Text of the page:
Foucault on Painting
Michel Foucault had been concerned about painting and the meaning of the image from his earliest publications, yet this aspect of his thought is largely neglected within the disciplines of art history and aesthetic theory. In Foucault on Painting, Catherine M. Soussloff argues that Foucault’s sustained engagement with European art history critically addresses present concerns about the mediated nature of the image in the digital age.
Foucault’s writing on painting covers four discrete periods in European art history (seventeenth-century southern Baroque, mid-nineteenth century French painting, Surrealism, and figurative painting in the 1960s and ‘70s) as well as five individual artists: Velázquez, Manet, Magritte, Paul Reyberolle, and Gérard Fromanger. As Soussloff reveals in this book, Foucault followed a French intellectual tradition dating back to the seventeenth century, which understands painting as a separate area of knowledge. Painting, a practice long considered silent in its operations and effects, afforded Foucault an ideal discipline to think about history and philosophy simultaneously. Using a comparative approach grounded in art history and aesthetics, Soussloff explores the meaning of painting for Foucault’s philosophy, and for contemporary art theory, proposing a new relevance for a Foucauldian view of ethics and the pleasures and predicaments of contemporary existence.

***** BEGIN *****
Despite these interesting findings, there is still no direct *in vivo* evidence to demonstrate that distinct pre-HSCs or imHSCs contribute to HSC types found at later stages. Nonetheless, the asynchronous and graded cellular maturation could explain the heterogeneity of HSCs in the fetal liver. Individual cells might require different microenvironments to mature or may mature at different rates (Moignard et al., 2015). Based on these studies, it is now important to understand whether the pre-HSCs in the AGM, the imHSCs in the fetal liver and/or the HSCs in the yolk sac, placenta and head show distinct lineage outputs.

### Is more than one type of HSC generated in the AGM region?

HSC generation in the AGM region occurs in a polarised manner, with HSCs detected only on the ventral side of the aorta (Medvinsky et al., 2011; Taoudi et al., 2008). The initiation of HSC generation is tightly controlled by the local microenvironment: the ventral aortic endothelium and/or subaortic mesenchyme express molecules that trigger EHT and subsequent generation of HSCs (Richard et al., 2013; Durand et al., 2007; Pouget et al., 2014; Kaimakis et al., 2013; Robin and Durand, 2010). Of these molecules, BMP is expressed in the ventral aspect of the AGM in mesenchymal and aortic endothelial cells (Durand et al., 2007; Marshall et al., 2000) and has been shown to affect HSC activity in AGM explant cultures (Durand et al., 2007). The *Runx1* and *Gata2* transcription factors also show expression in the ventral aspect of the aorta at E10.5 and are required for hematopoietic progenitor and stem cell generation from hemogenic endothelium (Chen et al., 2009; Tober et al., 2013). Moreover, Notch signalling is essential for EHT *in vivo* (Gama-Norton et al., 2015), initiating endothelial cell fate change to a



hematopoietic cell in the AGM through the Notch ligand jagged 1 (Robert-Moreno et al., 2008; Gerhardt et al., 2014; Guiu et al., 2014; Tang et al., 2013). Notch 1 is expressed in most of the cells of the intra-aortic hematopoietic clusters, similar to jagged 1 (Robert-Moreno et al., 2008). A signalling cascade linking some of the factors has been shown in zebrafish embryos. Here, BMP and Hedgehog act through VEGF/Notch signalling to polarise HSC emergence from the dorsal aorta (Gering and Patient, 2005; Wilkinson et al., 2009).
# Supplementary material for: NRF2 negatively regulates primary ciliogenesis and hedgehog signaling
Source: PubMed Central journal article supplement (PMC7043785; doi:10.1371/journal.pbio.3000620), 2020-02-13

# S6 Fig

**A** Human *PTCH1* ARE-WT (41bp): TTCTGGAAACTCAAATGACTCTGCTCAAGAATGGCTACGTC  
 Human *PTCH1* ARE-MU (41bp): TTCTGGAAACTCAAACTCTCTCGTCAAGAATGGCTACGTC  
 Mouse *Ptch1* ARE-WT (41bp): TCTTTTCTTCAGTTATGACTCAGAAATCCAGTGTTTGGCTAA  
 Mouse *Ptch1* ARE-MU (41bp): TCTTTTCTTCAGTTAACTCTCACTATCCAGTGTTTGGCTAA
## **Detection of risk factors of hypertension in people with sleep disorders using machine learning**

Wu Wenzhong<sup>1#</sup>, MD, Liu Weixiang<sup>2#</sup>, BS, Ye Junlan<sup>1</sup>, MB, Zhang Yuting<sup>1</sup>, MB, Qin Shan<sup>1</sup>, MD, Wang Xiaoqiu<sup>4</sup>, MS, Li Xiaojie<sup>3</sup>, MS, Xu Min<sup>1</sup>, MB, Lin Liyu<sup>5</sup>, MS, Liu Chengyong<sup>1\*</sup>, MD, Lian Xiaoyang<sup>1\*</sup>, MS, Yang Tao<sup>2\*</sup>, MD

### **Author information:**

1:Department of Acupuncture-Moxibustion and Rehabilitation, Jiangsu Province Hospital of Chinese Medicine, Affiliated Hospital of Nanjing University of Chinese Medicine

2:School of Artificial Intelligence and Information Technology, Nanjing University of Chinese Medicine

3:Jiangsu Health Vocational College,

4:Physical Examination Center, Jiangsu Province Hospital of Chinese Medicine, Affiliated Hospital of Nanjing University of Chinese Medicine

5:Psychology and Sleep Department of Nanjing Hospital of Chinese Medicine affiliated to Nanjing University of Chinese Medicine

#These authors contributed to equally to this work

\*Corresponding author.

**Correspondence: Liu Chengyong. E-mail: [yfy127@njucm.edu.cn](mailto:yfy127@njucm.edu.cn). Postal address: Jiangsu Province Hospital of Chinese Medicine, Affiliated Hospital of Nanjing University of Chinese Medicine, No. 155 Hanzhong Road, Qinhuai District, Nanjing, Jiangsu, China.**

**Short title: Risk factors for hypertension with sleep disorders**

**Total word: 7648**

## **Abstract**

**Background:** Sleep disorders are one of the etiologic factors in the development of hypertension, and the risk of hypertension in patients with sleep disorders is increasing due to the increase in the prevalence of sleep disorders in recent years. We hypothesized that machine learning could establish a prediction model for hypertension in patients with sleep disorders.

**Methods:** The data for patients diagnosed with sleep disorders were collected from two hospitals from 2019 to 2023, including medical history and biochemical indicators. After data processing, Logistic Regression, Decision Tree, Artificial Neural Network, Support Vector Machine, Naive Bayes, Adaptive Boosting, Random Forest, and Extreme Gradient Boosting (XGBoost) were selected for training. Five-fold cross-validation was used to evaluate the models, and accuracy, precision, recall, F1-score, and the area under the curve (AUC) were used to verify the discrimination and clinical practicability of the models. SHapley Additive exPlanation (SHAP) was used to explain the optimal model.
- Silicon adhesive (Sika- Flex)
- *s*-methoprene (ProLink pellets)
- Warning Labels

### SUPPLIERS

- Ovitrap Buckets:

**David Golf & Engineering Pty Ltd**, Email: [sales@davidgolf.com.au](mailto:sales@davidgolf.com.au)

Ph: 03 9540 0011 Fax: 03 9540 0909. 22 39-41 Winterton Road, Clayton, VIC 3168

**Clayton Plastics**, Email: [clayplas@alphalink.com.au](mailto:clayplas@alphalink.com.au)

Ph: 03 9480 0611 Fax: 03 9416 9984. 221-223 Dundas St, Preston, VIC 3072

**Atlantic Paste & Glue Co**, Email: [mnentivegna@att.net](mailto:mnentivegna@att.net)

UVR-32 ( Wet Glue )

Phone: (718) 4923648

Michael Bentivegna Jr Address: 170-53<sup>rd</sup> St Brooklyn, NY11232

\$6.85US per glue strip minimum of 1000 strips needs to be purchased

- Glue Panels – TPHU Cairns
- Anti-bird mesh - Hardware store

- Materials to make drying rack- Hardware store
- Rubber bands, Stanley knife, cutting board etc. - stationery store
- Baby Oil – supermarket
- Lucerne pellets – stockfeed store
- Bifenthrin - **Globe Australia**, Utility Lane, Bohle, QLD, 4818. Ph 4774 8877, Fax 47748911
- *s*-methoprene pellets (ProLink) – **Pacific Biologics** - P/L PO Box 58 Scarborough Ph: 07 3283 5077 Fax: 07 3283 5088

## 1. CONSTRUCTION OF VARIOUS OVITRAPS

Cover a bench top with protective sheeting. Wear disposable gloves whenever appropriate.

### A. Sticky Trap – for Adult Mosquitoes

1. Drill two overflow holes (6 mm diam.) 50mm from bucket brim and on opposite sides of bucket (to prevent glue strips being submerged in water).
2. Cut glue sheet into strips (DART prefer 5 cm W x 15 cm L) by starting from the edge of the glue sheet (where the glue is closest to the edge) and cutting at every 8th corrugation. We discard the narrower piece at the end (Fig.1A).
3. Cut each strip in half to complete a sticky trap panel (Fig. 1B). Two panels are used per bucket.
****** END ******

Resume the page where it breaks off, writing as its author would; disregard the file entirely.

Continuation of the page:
Catherine M. Soussloff is professor of art history, visual art, and theory at the University of British Columbia. She is editor of Foucault on the Arts and Letters and author of The Absolute Artist (Minnesota, 1997).